Hailing from Tokyo, a time-sensitive formula of displaying 20 images in 20 seconds with the goal of presenting unexpected ideas to the audience, is set to flash into Columbus.
Pecha Kucha Columbus is set to host an event at the Gateway Film Center Thursday at 7:30 p.m. The event is a photo festival showcasing local artists’ works.
The format is intended to be efficient – 20 images, 20 speakers, with 20 seconds each to talk about their images as they flash by on the screen — lasting six minutes and 40 seconds.
“It’s always curious for (audience members) to discover what people have to say in those 20 seconds,” said Aiko Yonamine, an organizer of Pecha Kucha Columbus events.
Pecha Kucha Columbus is based on the original Pecha Kucha organization, which Japanese architecture firm Klein Dytham began in February 2003 with its first event in Tokyo.
“(Architects) like to talk about their ideas,” Yonamine said. “Their firm said, ‘This is crazy, we’re not going to sit through a two-hour PowerPoint presentation,’ so they came up with a 20 (image) by 20-second (format). It’s short and inclusive.”
“Pecha Kucha” is a Japanese expression meaning “chit chat,” Yonamine said, and the event aims to spark conversation.
“They can have a drink, eat, talk to friends or walk around. You’re not mandated to sit,” she said. “You talk to other friends of colleagues you want to meet and create with.”
Presenters scheduled for the Columbus Pecha Kucha include a variety of Columbus professionals, according to the Pecha Kucha Columbus website, such as storyteller Rachel Joy Baransi, comic book creator Max Ink and founder of Wild Goose Creative Ryan Hoke.
Clay Lowe, emeritus professor in Ohio State’s Department of Theatre, is participating in the event for the first time. For his project, “40 Years on High,” he enlisted the help of 25 photographers.
“It is a stellar crew of people who are working with me,” Lowe said. “I don’t know 25 photographers who have done that before.”
The project is a collection of photos taken over a 40-year period, including buildings and residents from the Short North, campus and Clintonville areas. He focuses mainly on the Short North.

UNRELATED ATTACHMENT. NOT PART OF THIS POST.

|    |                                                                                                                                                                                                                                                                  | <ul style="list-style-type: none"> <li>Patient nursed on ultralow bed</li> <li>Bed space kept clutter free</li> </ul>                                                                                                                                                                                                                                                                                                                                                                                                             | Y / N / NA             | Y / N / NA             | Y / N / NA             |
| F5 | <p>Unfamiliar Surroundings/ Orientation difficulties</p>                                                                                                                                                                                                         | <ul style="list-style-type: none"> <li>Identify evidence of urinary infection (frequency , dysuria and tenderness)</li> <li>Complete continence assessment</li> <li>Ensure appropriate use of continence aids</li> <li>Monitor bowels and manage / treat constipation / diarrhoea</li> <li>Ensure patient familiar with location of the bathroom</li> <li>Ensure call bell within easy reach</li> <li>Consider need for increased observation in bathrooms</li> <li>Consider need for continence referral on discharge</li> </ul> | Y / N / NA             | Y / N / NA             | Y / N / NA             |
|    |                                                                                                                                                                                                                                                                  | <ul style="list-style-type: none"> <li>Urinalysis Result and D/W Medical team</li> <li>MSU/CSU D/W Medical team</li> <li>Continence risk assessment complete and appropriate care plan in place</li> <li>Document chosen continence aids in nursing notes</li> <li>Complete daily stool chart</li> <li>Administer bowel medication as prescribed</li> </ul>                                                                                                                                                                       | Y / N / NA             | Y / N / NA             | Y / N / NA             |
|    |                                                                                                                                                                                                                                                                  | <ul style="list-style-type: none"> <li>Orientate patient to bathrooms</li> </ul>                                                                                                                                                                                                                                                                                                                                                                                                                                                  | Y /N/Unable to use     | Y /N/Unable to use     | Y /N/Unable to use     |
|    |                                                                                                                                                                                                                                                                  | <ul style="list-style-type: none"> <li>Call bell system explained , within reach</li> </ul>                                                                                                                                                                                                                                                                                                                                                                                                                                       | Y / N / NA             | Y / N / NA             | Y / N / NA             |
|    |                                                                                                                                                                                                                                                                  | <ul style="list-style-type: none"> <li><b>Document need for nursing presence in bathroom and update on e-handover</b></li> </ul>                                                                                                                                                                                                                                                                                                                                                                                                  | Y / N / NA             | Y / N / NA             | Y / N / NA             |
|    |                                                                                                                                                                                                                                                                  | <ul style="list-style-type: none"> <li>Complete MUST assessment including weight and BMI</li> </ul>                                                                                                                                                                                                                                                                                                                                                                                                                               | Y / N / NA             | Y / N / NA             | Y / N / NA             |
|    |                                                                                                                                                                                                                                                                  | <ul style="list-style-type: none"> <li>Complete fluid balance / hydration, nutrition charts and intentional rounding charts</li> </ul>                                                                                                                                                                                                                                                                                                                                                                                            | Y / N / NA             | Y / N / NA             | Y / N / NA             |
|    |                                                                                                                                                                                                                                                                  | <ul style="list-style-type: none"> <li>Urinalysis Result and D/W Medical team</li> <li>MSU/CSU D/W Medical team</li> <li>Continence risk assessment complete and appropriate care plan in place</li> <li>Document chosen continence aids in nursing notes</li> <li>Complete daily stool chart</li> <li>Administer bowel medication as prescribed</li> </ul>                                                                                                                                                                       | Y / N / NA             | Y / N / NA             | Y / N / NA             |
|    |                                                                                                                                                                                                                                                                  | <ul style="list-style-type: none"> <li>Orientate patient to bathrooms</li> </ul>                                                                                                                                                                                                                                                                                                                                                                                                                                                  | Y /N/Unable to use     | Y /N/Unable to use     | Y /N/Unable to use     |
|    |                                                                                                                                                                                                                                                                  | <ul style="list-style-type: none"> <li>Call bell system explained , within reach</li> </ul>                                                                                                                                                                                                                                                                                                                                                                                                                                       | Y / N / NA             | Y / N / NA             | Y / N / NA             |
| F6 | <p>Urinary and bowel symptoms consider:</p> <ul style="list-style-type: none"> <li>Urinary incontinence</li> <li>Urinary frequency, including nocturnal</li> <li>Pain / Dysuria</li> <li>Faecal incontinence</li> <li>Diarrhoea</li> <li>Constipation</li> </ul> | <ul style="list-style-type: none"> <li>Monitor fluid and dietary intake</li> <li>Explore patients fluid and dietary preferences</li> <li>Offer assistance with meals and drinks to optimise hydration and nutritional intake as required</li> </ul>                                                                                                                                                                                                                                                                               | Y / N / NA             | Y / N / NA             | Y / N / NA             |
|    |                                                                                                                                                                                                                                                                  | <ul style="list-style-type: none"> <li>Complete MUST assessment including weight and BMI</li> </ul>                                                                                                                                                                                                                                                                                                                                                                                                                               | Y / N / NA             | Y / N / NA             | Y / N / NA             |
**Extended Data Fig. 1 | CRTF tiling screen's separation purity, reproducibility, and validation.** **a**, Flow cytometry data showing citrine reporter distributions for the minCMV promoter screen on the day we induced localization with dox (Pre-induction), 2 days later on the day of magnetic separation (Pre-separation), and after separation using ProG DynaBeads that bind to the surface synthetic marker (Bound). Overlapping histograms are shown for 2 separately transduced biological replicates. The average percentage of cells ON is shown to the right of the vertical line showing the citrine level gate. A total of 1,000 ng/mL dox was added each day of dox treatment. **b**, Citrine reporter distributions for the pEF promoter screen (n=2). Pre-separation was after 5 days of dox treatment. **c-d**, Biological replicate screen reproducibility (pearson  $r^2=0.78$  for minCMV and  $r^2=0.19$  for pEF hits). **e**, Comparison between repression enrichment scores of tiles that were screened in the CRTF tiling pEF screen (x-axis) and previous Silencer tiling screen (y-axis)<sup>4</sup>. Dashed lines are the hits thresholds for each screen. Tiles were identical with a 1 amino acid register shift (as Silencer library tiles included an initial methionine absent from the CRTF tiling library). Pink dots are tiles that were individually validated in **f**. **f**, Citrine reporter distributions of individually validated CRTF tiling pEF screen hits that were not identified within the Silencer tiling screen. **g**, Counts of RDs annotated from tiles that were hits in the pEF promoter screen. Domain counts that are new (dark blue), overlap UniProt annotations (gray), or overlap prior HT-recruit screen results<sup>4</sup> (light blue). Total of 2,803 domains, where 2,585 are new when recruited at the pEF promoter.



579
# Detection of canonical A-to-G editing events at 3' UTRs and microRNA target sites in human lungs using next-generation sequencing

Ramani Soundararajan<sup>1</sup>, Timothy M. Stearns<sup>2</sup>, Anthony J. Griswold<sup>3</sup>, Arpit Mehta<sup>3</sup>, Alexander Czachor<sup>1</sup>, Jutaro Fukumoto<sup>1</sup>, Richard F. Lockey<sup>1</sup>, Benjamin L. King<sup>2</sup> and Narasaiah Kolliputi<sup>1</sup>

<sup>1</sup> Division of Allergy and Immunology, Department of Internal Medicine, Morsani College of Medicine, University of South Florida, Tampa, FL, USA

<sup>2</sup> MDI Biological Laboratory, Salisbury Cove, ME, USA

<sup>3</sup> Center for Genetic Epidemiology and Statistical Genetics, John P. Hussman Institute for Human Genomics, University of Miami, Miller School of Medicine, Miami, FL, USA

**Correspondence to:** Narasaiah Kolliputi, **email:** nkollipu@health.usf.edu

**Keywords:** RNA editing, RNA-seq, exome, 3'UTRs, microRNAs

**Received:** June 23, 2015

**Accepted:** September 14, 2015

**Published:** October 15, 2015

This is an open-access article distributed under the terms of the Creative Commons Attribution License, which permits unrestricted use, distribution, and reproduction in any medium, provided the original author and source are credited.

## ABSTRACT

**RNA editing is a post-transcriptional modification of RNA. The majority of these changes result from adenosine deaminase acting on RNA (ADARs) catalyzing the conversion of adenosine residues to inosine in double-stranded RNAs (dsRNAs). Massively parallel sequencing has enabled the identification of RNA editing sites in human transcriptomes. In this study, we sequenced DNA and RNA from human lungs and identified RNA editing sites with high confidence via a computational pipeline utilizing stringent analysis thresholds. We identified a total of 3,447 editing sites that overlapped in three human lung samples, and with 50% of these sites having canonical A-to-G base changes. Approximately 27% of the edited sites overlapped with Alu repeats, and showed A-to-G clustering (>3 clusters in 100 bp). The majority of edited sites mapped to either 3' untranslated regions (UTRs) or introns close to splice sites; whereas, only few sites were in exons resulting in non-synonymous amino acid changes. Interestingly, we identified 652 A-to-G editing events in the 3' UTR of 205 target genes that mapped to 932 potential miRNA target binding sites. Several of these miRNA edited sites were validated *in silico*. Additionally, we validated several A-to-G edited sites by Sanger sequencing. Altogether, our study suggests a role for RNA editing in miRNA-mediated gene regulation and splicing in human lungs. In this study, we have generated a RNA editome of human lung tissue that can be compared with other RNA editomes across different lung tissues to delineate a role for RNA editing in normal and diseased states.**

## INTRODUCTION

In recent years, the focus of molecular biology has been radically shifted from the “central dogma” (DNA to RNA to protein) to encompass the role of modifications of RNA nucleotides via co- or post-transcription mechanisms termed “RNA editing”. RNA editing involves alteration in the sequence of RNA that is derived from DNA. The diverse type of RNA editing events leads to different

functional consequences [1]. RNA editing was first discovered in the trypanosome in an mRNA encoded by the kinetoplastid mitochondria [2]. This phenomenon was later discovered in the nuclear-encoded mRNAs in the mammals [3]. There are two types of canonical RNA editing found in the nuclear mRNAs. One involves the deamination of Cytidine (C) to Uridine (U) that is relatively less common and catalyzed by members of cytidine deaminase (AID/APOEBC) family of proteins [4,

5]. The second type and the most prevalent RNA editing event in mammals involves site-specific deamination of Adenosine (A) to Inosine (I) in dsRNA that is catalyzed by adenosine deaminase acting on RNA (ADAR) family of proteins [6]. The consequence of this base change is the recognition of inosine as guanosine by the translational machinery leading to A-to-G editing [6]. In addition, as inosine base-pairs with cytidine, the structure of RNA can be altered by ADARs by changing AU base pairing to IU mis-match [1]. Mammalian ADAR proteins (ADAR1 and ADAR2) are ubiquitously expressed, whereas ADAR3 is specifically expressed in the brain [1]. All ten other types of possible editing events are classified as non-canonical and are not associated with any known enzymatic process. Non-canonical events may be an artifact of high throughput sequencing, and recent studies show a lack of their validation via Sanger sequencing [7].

“It used to be a disgrace of Columbus,” he said. “Today it’s different – a more 20s crowd. I’m showing them with those places then and now.”
He said the most interesting part of the project are the photos showing the evolution of Jeni’s Splendid Ice Creams at Buttles Avenue and North High Street.
“It is the ‘with it now,’ place. It used to be a neighborhood countryside bar,” Lowe said. “I show those side-by-side, which is really one of the last messages of the culture that was there.”
Lowe said he enjoys the event’s format because it challenges the speakers to pick out the most important images.
“I like it, it’s tough. Some people just use 20 images,” he said. “I have 42 images. There are three to four images on each page.”
Despite positivity from contributors, one OSU student was not interested in attending the event.
Bruklynne Slack, a third-year in dental hygiene, said she is not an art fan and is too preoccupied with being a student.
“I am not an artsy person,” Slack said. “I am too busy with school, work and online classes.”
Regardless, Yonamine said to expect “beautiful chaos” from the event.
“It always comes together in the end,” she said.
Admission is free, but a $2 donation is suggested. Local musician Christopher Gatsby is scheduled to perform at 8 p.m. and the presentations are scheduled to begin at 8:30 p.m.